The prog-chopped instrumental “Kama Sutra”, one of the album’s brighter spots, and the title track carry LOUDNESS‘s expected combustion, this tells the tale of “Rise to Glory”. The album finishes stronger than it begins despite the doom-driven “Rain” slogging past six minutes. It wraps with “Let’s All Rock” as a would-be SCORPIONS thumper, hijacking “The Zoo” with zero shame.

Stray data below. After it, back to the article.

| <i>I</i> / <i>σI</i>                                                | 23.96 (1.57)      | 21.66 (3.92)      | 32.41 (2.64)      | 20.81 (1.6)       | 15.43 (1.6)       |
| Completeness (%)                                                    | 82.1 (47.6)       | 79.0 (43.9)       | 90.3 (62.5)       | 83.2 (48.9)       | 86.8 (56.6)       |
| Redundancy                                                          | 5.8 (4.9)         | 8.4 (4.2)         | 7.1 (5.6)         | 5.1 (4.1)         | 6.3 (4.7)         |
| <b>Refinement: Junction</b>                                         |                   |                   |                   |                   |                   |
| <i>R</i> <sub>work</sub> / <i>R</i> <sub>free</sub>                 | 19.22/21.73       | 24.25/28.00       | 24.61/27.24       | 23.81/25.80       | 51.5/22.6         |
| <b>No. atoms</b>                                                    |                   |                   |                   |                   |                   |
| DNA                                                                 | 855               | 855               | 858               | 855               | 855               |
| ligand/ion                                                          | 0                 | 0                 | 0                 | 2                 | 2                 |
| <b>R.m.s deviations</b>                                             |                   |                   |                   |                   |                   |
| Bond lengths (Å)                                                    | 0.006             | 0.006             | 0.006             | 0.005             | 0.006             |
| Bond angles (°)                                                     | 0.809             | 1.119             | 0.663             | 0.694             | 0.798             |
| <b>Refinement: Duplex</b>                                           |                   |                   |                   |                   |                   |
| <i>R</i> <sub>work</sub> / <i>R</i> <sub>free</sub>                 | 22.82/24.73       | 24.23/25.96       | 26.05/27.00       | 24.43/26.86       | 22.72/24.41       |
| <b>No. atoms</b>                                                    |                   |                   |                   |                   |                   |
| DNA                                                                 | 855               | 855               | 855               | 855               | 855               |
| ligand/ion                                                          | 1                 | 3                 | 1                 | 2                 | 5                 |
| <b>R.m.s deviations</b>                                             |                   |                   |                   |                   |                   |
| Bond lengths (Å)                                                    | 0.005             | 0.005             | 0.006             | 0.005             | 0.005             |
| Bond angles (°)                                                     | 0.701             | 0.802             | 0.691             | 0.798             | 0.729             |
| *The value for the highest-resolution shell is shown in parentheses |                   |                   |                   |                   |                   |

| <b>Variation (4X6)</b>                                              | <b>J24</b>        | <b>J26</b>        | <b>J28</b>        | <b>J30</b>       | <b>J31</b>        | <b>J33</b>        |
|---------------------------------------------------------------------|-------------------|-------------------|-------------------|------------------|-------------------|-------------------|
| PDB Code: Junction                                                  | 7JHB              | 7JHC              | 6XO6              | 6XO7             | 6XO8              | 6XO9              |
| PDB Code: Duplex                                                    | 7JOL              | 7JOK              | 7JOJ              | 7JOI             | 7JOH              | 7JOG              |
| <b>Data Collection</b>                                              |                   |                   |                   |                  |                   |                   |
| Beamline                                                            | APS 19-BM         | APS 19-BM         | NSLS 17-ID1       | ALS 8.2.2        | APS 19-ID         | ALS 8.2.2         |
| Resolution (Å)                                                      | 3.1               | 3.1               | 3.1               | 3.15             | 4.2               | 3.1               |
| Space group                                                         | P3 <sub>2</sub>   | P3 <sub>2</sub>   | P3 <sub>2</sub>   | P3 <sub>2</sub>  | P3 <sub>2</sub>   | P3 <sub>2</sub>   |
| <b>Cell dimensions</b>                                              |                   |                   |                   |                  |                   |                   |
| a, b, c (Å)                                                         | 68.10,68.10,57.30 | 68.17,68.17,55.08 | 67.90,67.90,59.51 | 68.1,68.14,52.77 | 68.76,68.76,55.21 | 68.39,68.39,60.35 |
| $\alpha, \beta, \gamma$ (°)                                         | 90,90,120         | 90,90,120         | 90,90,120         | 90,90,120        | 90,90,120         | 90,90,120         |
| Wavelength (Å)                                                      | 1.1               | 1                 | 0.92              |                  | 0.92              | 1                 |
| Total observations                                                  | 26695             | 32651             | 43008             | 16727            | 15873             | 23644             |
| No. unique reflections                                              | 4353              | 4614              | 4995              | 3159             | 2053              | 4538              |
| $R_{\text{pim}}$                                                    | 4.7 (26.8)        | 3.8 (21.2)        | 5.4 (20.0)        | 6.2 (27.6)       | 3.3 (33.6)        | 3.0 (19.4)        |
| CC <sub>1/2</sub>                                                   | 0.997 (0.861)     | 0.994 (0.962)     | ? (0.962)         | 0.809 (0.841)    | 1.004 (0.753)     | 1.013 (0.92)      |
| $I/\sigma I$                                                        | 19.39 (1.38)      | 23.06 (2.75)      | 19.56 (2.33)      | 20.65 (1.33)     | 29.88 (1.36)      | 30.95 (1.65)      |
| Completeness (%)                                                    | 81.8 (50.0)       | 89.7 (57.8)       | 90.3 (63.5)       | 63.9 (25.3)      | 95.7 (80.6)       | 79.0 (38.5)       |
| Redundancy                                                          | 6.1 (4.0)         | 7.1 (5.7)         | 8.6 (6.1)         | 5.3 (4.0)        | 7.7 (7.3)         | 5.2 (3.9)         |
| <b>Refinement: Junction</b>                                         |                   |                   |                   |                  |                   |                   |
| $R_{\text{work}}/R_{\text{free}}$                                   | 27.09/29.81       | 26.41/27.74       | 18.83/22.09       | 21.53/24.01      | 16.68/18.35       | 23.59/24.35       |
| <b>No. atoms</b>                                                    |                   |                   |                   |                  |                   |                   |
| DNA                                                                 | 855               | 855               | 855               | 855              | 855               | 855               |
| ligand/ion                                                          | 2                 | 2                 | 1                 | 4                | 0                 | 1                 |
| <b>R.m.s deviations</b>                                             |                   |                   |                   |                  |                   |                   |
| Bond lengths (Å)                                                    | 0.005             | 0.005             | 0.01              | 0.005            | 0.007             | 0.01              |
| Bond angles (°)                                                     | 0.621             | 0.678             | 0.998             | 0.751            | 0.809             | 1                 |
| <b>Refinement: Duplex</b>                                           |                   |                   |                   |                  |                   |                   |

This band has been admired for such a long time that it’s painful to hear it struggle between two identities: the fast and flashy LOUDNESS, which still has muscle, and the pop-minded LOUDNESS, which works incrementally at best. “Why and For Whom”, a hearty power metal ripper, posits a peculiar question, since LOUDNESS still fields a respectable sales presence in Japan. They have to seethe in wonderment how BABYMETAL managed to breach that fine line between aggression and pop which has tormented LOUDNESS for its entire career.http://www.blabbermouth.net/cdreviews/rise-to-glory/